Tag Archives: Pakistan

The influence of environmental factors on Covid-19: towards a research agenda

Considerable attention was paid in the early days of the Covid-19 pandemic to its spatial distribution in the hope that environmental factors might be found to play a key role in influencing its spread in two ways: by restricting it to a narrow band of countries with specific environmental factors; and hoping that a rise in temperature in the summer would kill it off.

  • Researchers at Maryland University (Sajadi, M.M. et al., 2020) thus used maps of the early stages of Covid-19 to suggest that it spreads more easily in cold, damp climates, and that its highest incidence would be between latitudes 30-50 N.  At the time, I suggested on 3rd April that there were too many anomalies for this to be valid, that it was only based on limited data (where the coronavirus had spread by early March 2020) and that it was necessary to understand better the actual physical processes involved.  However, the idea that there might be environmental factors that will control Covid-19 still persists.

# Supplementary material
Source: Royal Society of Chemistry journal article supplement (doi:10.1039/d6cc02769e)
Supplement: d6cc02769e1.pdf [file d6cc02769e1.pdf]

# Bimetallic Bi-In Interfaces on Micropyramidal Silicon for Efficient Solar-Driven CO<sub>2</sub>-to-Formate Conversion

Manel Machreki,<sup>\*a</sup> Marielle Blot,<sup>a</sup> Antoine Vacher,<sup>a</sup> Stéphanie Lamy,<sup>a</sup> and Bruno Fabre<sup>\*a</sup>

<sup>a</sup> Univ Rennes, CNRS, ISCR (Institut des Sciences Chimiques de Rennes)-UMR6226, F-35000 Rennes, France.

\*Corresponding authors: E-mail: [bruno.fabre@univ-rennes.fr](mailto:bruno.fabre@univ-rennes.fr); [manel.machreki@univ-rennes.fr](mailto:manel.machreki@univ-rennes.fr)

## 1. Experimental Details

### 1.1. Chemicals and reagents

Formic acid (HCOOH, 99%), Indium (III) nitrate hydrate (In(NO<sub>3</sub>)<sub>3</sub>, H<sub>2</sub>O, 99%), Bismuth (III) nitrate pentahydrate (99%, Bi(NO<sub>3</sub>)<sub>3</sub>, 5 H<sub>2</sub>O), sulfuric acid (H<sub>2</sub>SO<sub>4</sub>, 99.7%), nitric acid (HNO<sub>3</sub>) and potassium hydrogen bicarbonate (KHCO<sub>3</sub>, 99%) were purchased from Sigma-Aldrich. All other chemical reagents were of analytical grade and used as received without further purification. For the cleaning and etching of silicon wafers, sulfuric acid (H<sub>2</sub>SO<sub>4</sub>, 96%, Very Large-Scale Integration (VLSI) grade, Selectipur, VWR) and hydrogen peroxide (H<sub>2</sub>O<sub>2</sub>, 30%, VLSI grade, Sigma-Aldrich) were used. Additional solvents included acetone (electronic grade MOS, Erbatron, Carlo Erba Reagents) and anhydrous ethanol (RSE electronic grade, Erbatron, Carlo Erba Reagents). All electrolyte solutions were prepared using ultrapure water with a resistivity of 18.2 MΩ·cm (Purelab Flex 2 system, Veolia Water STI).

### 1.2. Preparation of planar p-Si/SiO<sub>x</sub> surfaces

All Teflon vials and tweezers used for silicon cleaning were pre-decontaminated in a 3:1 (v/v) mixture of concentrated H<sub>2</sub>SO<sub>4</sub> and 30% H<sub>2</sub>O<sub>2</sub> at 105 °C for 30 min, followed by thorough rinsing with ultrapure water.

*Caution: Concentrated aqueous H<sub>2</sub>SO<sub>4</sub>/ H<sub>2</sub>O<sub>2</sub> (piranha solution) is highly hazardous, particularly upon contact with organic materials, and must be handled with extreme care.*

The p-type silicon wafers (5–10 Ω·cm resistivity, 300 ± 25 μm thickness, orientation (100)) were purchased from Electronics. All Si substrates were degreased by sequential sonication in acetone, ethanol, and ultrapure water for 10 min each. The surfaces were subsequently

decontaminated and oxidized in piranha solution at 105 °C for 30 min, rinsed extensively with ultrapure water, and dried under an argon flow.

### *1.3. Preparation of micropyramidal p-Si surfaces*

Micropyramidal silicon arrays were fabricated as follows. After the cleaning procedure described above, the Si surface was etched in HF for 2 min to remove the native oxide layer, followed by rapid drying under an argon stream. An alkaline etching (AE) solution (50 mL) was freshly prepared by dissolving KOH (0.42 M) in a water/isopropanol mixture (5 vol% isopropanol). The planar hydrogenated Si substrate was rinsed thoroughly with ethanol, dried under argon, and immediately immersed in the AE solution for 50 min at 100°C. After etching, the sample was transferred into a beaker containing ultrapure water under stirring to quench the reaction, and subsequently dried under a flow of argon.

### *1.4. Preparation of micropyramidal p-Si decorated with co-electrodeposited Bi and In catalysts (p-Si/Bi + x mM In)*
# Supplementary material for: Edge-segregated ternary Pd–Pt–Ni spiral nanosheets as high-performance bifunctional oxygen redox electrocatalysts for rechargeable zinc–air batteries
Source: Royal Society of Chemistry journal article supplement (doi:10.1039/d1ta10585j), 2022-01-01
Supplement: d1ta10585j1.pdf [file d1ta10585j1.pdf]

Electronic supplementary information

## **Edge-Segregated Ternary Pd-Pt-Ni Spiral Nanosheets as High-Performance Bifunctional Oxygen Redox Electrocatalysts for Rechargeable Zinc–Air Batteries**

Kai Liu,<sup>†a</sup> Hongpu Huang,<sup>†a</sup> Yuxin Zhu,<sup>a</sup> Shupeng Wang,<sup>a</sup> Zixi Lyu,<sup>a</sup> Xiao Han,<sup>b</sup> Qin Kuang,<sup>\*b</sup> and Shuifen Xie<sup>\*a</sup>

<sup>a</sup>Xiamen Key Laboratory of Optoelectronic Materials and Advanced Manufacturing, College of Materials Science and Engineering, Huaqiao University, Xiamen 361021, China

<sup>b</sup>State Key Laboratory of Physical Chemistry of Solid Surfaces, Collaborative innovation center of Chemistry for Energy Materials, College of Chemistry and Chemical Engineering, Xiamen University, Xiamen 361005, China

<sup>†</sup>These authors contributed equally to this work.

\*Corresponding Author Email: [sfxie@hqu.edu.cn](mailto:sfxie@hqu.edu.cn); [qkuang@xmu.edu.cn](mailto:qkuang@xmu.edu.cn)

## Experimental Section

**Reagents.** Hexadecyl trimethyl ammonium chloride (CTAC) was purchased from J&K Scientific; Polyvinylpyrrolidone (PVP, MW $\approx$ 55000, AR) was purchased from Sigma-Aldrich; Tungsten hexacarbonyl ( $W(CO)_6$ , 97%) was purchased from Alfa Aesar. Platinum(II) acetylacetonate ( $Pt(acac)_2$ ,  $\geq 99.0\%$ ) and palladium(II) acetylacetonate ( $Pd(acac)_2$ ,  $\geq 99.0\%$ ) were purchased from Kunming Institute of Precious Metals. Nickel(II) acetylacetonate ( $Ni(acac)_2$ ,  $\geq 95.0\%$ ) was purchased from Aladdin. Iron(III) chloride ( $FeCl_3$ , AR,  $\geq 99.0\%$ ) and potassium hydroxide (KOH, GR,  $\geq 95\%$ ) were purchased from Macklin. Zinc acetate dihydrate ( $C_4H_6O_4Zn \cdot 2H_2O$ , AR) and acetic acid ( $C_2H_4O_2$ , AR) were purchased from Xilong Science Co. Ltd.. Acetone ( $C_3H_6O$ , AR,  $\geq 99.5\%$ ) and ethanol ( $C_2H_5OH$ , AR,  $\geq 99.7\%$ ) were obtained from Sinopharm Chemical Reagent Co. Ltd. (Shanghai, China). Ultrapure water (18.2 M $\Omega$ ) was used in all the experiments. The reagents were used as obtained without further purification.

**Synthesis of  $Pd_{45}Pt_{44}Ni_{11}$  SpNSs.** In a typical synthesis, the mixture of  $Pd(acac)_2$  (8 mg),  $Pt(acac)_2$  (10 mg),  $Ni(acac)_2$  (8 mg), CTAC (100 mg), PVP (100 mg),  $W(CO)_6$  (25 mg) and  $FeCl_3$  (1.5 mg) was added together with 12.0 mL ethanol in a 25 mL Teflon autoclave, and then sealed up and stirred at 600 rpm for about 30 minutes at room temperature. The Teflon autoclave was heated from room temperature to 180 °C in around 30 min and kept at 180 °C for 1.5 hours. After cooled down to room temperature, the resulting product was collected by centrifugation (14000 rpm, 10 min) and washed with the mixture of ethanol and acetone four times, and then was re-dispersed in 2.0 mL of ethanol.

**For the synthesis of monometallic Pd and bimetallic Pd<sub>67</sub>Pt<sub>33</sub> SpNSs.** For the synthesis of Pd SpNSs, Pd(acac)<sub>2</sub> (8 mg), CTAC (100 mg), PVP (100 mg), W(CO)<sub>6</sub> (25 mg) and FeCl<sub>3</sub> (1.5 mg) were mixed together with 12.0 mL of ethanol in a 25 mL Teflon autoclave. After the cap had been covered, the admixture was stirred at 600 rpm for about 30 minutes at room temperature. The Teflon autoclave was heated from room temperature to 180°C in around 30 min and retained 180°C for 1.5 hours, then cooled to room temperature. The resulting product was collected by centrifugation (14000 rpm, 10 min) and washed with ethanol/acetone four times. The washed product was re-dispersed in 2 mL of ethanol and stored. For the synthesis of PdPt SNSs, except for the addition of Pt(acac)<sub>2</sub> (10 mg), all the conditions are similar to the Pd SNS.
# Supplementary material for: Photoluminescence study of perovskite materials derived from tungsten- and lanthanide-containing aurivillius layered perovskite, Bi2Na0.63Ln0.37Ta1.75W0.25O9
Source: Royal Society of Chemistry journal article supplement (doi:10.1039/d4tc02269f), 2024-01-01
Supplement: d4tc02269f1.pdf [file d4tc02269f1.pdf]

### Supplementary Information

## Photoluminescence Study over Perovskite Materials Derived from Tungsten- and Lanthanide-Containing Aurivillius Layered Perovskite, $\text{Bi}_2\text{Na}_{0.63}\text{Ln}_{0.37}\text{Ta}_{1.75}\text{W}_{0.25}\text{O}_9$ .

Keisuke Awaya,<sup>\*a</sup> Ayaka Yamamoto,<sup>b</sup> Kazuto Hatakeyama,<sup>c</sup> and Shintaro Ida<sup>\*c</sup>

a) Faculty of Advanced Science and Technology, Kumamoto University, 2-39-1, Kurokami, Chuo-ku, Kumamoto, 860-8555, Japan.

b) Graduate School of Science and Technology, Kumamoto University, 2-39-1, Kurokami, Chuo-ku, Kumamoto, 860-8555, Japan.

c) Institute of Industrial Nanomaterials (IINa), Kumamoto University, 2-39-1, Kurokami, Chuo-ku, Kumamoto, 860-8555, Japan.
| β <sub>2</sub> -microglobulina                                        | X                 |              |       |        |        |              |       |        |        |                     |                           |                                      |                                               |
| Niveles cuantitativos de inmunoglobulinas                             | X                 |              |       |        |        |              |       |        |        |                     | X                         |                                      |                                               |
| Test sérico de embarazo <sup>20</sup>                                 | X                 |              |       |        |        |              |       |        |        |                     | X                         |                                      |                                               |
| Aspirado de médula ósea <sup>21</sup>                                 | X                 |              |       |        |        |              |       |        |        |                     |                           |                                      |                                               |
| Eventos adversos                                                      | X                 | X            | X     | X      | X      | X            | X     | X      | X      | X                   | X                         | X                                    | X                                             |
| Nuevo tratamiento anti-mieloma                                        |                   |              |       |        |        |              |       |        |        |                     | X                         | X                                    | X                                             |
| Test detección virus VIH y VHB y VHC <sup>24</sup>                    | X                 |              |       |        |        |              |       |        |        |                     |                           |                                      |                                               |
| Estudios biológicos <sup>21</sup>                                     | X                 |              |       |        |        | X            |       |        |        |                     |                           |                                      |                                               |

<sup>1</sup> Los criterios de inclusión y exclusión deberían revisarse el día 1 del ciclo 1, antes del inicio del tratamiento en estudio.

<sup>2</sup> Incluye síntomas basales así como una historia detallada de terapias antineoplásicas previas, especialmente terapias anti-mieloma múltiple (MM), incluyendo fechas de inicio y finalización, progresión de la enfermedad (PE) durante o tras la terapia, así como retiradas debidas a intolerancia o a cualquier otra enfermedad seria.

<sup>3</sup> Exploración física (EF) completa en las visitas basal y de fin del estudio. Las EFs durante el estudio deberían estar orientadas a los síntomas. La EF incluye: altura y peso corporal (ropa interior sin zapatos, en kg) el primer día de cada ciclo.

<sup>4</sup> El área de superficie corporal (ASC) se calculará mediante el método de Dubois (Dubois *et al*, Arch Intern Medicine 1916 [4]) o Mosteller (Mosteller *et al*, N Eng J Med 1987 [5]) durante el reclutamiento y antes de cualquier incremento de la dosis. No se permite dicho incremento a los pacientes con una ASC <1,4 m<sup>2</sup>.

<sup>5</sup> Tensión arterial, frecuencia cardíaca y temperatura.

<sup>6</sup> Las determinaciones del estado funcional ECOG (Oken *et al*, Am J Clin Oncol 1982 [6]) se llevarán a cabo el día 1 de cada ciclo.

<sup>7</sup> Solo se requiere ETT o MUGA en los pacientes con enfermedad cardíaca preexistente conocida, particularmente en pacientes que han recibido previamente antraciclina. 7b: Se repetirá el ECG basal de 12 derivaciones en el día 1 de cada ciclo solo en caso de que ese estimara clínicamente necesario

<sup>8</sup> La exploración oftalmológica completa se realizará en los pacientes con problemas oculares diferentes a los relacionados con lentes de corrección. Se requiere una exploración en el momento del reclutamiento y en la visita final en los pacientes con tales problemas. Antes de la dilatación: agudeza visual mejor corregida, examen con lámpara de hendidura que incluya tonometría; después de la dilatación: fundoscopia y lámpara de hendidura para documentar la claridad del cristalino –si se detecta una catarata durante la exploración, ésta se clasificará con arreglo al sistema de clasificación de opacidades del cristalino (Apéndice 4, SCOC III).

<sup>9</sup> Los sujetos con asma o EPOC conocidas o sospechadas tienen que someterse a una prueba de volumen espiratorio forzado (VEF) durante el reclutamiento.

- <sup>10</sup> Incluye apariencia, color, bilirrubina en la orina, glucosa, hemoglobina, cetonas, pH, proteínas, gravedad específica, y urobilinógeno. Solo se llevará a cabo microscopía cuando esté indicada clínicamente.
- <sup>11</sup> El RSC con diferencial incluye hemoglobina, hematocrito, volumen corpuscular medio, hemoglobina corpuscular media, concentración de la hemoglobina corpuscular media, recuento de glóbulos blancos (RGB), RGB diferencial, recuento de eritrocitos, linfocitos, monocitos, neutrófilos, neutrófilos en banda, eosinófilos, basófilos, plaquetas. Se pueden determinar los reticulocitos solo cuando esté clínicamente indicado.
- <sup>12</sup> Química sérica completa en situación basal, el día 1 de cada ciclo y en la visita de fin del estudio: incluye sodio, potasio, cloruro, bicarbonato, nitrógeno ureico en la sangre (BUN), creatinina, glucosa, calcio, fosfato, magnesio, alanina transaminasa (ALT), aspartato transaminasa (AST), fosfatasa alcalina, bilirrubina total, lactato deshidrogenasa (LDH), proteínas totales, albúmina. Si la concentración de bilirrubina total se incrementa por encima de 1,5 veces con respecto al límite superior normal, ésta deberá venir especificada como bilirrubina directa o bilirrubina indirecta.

• Likewise, in the early days of the pandemic there was much optimism that the new coronavirus might act in similar ways to some of its predecessors and be seasonal in character, waning in the summer months when it gets warmer.  Again, this was in part based on the timing of its outbreak (in China in December 2019 ) and its rapid spread through Europe with an approximately similar timing to seasonal flu.  However, many experts were cautious about this possible scenario (see Jon Cohen in Science, 13th March 2020, and Alvin Powell in the Harvard Gazette, 14th April 2020).